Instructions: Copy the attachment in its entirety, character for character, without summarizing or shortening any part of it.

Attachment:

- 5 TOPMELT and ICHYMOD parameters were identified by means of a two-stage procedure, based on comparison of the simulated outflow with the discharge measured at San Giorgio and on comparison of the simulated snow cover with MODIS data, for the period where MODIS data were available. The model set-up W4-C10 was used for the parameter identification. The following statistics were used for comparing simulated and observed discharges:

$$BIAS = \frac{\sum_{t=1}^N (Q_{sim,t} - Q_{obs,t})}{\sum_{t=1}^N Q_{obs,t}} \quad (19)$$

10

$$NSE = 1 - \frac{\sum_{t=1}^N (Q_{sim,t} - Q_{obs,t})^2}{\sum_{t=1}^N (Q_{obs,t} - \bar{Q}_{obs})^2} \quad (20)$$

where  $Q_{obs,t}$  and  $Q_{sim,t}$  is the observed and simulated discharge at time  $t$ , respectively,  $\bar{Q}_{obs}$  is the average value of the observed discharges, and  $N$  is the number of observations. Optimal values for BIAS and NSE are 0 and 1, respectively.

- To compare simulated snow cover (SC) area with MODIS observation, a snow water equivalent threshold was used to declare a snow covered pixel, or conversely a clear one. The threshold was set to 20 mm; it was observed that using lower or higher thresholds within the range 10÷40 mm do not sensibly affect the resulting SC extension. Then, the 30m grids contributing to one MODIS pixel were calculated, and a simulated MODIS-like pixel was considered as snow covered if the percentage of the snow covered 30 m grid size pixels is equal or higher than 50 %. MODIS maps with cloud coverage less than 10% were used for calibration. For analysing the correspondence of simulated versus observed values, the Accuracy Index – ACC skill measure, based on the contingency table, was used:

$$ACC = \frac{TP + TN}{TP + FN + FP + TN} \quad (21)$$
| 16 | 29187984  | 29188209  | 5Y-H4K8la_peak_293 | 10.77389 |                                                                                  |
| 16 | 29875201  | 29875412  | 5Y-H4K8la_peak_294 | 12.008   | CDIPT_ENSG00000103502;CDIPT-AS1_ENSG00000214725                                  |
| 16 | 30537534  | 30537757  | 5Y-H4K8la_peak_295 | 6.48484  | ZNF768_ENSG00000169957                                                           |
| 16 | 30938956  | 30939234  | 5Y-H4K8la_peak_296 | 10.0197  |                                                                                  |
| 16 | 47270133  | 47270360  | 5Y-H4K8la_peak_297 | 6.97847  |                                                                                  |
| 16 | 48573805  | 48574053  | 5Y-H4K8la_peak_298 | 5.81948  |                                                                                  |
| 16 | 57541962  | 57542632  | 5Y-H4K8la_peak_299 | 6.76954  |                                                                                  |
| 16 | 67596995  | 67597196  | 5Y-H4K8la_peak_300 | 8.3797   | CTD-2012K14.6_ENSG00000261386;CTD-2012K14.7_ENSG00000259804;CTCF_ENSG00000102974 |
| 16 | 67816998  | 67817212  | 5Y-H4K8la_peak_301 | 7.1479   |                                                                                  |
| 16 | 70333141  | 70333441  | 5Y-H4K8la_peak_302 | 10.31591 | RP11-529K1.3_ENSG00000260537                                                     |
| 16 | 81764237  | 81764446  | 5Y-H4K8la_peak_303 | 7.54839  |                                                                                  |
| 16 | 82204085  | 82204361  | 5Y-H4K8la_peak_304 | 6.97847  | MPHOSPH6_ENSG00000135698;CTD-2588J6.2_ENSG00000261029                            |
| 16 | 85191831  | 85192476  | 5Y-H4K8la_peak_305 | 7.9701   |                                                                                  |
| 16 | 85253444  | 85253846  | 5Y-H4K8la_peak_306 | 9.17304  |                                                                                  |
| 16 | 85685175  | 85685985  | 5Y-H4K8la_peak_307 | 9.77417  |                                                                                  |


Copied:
- 5 TOPMELT and ICHYMOD parameters were identified by means of a two-stage procedure, based on comparison of the simulated outflow with the discharge measured at San Giorgio and on comparison of the simulated snow cover with MODIS data, for the period where MODIS data were available. The model set-up W4-C10 was used for the parameter identification. The following statistics were used for comparing simulated and observed discharges:

$$BIAS = \frac{\sum_{t=1}^N (Q_{sim,t} - Q_{obs,t})}{\sum_{t=1}^N Q_{obs,t}} \quad (19)$$

10

$$NSE = 1 - \frac{\sum_{t=1}^N (Q_{sim,t} - Q_{obs,t})^2}{\sum_{t=1}^N (Q_{obs,t} - \bar{Q}_{obs})^2} \quad (20)$$

where  $Q_{obs,t}$  and  $Q_{sim,t}$  is the observed and simulated discharge at time  $t$ , respectively,  $\bar{Q}_{obs}$  is the average value of the observed discharges, and  $N$  is the number of observations. Optimal values for BIAS and NSE are 0 and 1, respectively.

- To compare simulated snow cover (SC) area with MODIS observation, a snow water equivalent threshold was used to declare a snow covered pixel, or conversely a clear one. The threshold was set to 20 mm; it was observed that using lower or higher thresholds within the range 10÷40 mm do not sensibly affect the resulting SC extension. Then, the 30m grids contributing to one MODIS pixel were calculated, and a simulated MODIS-like pixel was considered as snow covered if the percentage of the snow covered 30 m grid size pixels is equal or higher than 50 %. MODIS maps with cloud coverage less than 10% were used for calibration. For analysing the correspondence of simulated versus observed values, the Accuracy Index – ACC skill measure, based on the contingency table, was used:

$$ACC = \frac{TP + TN}{TP + FN + FP + TN} \quad (21)$$
| 16 | 29187984  | 29188209  | 5Y-H4K8la_peak_293 | 10.77389 |                                                                                  |
| 16 | 29875201  | 29875412  | 5Y-H4K8la_peak_294 | 12.008   | CDIPT_ENSG00000103502;CDIPT-AS1_ENSG00000214725                                  |
| 16 | 30537534  | 30537757  | 5Y-H4K8la_peak_295 | 6.48484  | ZNF768_ENSG00000169957                                                           |
| 16 | 30938956  | 30939234  | 5Y-H4K8la_peak_296 | 10.0197  |                                                                                  |
| 16 | 47270133  | 47270360  | 5Y-H4K8la_peak_297 | 6.97847  |                                                                                  |
| 16 | 48573805  | 48574053  | 5Y-H4K8la_peak_298 | 5.81948  |                                                                                  |
| 16 | 57541962  | 57542632  | 5Y-H4K8la_peak_299 | 6.76954  |                                                                                  |
| 16 | 67596995  | 67597196  | 5Y-H4K8la_peak_300 | 8.3797   | CTD-2012K14.6_ENSG00000261386;CTD-2012K14.7_ENSG00000259804;CTCF_ENSG00000102974 |
| 16 | 67816998  | 67817212  | 5Y-H4K8la_peak_301 | 7.1479   |                                                                                  |
| 16 | 70333141  | 70333441  | 5Y-H4K8la_peak_302 | 10.31591 | RP11-529K1.3_ENSG00000260537                                                     |
| 16 | 81764237  | 81764446  | 5Y-H4K8la_peak_303 | 7.54839  |                                                                                  |
| 16 | 82204085  | 82204361  | 5Y-H4K8la_peak_304 | 6.97847  | MPHOSPH6_ENSG00000135698;CTD-2588J6.2_ENSG00000261029                            |
| 16 | 85191831  | 85192476  | 5Y-H4K8la_peak_305 | 7.9701   |                                                                                  |
| 16 | 85253444  | 85253846  | 5Y-H4K8la_peak_306 | 9.17304  |                                                                                  |
| 16 | 85685175  | 85685985  | 5Y-H4K8la_peak_307 | 9.77417  |                                                                                  |